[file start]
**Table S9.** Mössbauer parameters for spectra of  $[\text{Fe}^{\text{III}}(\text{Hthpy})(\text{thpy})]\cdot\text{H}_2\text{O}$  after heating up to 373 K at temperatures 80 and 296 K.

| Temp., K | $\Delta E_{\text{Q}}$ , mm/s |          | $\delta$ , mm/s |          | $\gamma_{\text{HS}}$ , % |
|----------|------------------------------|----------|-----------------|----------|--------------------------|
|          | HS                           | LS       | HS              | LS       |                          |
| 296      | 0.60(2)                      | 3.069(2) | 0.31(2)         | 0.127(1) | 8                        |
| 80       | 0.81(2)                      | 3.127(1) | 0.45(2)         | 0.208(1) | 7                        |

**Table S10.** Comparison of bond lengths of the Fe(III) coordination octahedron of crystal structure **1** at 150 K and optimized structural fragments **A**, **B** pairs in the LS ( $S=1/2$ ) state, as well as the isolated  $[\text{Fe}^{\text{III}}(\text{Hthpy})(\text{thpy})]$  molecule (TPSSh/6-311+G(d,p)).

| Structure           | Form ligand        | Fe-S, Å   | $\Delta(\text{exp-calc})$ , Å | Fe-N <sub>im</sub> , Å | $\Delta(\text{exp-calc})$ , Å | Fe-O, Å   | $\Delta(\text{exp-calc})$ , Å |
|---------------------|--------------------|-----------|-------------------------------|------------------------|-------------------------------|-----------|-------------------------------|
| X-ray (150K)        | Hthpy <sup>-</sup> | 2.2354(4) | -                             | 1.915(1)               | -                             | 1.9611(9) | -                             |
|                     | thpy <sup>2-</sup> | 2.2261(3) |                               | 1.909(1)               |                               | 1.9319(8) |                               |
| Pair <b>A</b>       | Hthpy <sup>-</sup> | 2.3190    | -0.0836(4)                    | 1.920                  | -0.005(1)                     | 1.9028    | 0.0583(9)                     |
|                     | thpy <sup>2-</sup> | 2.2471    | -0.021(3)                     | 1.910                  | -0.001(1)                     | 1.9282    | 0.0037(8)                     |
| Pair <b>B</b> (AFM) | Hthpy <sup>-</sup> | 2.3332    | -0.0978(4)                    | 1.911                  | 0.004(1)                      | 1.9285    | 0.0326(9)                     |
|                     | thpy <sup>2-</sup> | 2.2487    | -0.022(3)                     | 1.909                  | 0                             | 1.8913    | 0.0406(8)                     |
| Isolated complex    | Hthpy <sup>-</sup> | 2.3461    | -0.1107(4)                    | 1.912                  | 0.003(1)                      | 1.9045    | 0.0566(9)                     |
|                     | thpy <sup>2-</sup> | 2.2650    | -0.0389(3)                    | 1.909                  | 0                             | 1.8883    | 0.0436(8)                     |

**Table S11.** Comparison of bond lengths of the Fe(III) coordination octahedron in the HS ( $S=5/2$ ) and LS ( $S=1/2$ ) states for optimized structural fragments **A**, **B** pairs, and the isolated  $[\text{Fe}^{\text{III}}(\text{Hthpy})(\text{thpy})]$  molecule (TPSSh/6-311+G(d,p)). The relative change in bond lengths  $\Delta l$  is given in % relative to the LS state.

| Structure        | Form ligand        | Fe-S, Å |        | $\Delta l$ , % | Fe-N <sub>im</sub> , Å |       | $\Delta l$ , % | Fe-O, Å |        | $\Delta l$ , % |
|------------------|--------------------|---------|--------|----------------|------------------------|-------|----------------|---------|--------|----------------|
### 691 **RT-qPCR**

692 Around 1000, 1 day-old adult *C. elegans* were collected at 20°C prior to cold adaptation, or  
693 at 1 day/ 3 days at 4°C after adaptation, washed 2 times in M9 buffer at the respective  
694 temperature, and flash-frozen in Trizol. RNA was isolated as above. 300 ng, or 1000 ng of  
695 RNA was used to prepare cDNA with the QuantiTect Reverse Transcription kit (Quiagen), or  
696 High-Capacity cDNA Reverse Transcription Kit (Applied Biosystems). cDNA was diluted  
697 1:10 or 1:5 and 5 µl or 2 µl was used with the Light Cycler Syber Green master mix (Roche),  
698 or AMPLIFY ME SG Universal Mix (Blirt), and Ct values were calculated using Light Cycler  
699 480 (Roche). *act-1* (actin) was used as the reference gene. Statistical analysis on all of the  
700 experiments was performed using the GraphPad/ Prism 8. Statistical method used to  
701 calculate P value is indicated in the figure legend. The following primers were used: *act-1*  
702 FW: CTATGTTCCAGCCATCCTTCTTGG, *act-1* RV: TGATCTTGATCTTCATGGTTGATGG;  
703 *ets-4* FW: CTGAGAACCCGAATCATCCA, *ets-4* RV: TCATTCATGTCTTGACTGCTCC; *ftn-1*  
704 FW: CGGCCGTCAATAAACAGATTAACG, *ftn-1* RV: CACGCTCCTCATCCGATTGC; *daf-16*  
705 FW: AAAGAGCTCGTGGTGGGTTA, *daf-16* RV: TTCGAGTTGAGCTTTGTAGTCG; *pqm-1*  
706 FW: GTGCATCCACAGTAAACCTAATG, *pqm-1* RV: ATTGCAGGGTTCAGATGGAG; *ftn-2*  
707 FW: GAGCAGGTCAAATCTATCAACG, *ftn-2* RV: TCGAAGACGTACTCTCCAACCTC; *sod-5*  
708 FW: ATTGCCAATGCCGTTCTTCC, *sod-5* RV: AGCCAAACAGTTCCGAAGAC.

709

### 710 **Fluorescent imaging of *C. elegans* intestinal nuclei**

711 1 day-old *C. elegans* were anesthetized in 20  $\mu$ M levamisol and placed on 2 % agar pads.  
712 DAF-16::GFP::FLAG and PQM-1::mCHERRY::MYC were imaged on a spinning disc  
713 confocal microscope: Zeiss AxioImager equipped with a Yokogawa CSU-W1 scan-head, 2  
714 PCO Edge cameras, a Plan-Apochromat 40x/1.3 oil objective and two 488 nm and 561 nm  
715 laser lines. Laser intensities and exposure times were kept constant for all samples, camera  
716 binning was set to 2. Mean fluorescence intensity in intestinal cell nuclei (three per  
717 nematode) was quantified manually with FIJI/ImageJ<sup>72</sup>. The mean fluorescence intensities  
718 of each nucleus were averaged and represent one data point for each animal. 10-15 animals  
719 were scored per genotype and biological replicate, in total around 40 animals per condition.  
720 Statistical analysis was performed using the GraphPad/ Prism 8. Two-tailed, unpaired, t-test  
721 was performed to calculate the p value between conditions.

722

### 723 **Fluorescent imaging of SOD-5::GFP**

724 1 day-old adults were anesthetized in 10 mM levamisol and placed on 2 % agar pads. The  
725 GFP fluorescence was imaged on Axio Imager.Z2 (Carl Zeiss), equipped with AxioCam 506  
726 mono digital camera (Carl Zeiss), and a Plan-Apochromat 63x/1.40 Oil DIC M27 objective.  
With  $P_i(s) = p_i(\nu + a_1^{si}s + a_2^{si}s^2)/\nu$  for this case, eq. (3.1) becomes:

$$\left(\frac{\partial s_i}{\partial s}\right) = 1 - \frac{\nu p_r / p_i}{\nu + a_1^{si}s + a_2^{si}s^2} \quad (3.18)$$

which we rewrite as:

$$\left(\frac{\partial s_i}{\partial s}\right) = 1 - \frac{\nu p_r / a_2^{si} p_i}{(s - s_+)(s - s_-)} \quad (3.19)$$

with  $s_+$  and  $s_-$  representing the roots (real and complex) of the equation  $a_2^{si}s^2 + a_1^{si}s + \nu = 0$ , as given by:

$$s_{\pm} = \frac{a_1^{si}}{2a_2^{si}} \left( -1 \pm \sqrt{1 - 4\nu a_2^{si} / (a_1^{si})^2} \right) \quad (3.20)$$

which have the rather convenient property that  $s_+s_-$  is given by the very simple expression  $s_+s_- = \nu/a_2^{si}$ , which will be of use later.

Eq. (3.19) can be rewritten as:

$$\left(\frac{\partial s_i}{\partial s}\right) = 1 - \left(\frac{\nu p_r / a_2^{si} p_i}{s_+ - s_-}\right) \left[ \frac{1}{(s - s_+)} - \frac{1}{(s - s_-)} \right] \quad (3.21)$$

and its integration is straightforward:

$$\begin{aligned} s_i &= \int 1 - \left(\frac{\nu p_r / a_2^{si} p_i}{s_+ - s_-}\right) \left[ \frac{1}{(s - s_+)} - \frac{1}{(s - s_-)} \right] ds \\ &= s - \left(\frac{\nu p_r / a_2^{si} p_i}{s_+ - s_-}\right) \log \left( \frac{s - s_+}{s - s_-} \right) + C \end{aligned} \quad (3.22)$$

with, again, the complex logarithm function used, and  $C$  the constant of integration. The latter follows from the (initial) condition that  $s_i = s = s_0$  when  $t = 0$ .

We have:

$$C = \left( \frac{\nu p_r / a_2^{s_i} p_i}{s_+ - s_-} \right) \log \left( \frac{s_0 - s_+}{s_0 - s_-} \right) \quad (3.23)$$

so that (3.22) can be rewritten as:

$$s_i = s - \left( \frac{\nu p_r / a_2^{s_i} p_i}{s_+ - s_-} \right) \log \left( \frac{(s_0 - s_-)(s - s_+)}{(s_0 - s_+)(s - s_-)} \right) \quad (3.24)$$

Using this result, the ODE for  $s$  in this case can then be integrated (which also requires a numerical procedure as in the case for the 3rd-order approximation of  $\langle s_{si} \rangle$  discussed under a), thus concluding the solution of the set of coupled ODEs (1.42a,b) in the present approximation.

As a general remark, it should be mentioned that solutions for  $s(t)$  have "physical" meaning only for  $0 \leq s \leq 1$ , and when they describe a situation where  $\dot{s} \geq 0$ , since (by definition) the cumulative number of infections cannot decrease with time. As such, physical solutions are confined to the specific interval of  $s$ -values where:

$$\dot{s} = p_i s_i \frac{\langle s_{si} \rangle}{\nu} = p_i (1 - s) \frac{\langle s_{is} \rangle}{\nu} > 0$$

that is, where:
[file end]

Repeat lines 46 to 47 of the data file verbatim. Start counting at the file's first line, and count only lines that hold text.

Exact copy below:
716 binning was set to 2. Mean fluorescence intensity in intestinal cell nuclei (three per  
717 nematode) was quantified manually with FIJI/ImageJ<sup>72</sup>. The mean fluorescence intensities  